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Mercy Hall at the Omaha campus from the southwest

College of Saint Mary is a Catholic women's college located in Omaha, Nebraska. As of 2006, there were 917 undergraduates and 16 graduate students.[1]

The academic programs at Saint Mary are primarily career-focused, with majors offered in fields such as medical technology, business administration, and nursing. Courses of study in the liberal arts are also available, including English. Students can receive an Associate's, Bachelor's, or Master's degree upon graduation.[2]

Saint Mary athletes compete in the NAIA as the Flames. Basketball, softball, volleyball, cross-country, and soccer are the sports offered. All of the athletic programs are very competitive and have a long history of excellence. [3]


The College of Saint Mary offers a solid foundation that is complemented by several distinctive programs:

  • A Practical Nursing program created specifically to graduate bilingual (Spanish-English) nurses to serve the growing Spanish-speaking population in Nebraska and surrounding areas
  • An innovative "2+3" engineering-study program in collaboration with the University of Nebraska College of Engineering and Technology (COET) through which graduates actually will receive two degrees: a Bachelor's degree in Science or Math from CSM, and a Bachelor's degree in Civil, Computer, or Electronics Engineering - or a Master's for those in Architectural Engineering - from the University of Nebraska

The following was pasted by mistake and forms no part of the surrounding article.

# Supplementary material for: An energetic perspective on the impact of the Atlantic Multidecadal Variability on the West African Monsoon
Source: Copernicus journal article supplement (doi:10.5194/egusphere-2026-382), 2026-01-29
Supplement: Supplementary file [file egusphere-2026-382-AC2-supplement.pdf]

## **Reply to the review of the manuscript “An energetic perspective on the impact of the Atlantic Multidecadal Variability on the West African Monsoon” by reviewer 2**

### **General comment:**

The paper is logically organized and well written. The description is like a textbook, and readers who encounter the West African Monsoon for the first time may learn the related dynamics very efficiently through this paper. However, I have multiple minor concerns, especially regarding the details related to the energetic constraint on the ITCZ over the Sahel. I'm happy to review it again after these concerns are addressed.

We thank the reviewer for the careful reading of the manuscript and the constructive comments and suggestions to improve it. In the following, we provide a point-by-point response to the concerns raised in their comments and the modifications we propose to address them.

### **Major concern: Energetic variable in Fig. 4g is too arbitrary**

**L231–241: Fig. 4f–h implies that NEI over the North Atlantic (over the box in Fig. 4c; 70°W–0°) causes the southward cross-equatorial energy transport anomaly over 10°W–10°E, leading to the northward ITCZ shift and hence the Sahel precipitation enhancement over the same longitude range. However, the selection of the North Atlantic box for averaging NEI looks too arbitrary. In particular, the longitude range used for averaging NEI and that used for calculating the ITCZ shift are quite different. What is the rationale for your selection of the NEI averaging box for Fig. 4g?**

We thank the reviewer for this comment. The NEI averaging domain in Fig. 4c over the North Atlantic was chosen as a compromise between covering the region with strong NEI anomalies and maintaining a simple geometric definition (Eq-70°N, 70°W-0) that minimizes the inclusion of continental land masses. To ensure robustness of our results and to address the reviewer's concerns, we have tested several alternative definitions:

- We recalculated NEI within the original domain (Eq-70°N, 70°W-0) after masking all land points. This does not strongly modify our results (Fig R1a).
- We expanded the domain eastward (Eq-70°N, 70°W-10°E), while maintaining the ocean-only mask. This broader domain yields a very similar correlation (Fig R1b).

• A Masters in Leadership program dedicated to explore and strengthen the unique leadership qualities of women
  • The region's only four-year paralegal studies program approved by the American Bar Association
  • The region's only associate and bachelor's degrees in health information management
  • Nationally accredited nursing programs at the associate and bachelor degree levels


Catherine McAuley, founder of the Sisters of Mercy and an early 18th century Irishwoman, had a bold vision. She believed that nothing was more productive of good to society than the careful education of women. Her strength of conviction gave birth to what would become a long line of women's secondary and post-secondary schools around the globe. Omaha's College of Saint Mary is one of those schools.

Mother Mary Leo Gallagher, another Sister of Mercy, carried on the tradition and opened the doors of College of Saint Mary in 1923. In the old Continental Hotel at 15th and Castelar Streets, the work began. The church schools needed teachers. To be effective in these positions, Mother Gallagher believed women needed a strong liberal arts education. Mother Gallagher accomplished this feat when women had won the vote just three years prior. Many at the time viewed educating women as a frivolous gesture. But a woman with a vision will not be deterred.

The dynamic leadership of women such as Mother Gallagher, the first president of the College, and Sister Mary Constance Walsh, the first academic dean, brought high standards to the fledgling two-year teacher's college and led to its growth. Their dedication served as an example for those who followed.

In November 1950, the Sisters purchased 80 acres (320,000 m2) of land for $150,000 next to a dirt road named 72nd Street and what would become Mercy Road. A $3 million construction project began in March 1953 and by May 1955, College of Saint Mary was a reality. That year, 255 students enrolled and by 1958 College of Saint Mary had become a four-year fully accredited college.

Today the College continues its affiliation with the Sisters of Mercy and is proud of its tradition of women leading the way. A community of faith and learning, College of Saint Mary offers an education that inspires academic excellence and celebrates the roles of women as scholars and contributors to society, family and church.

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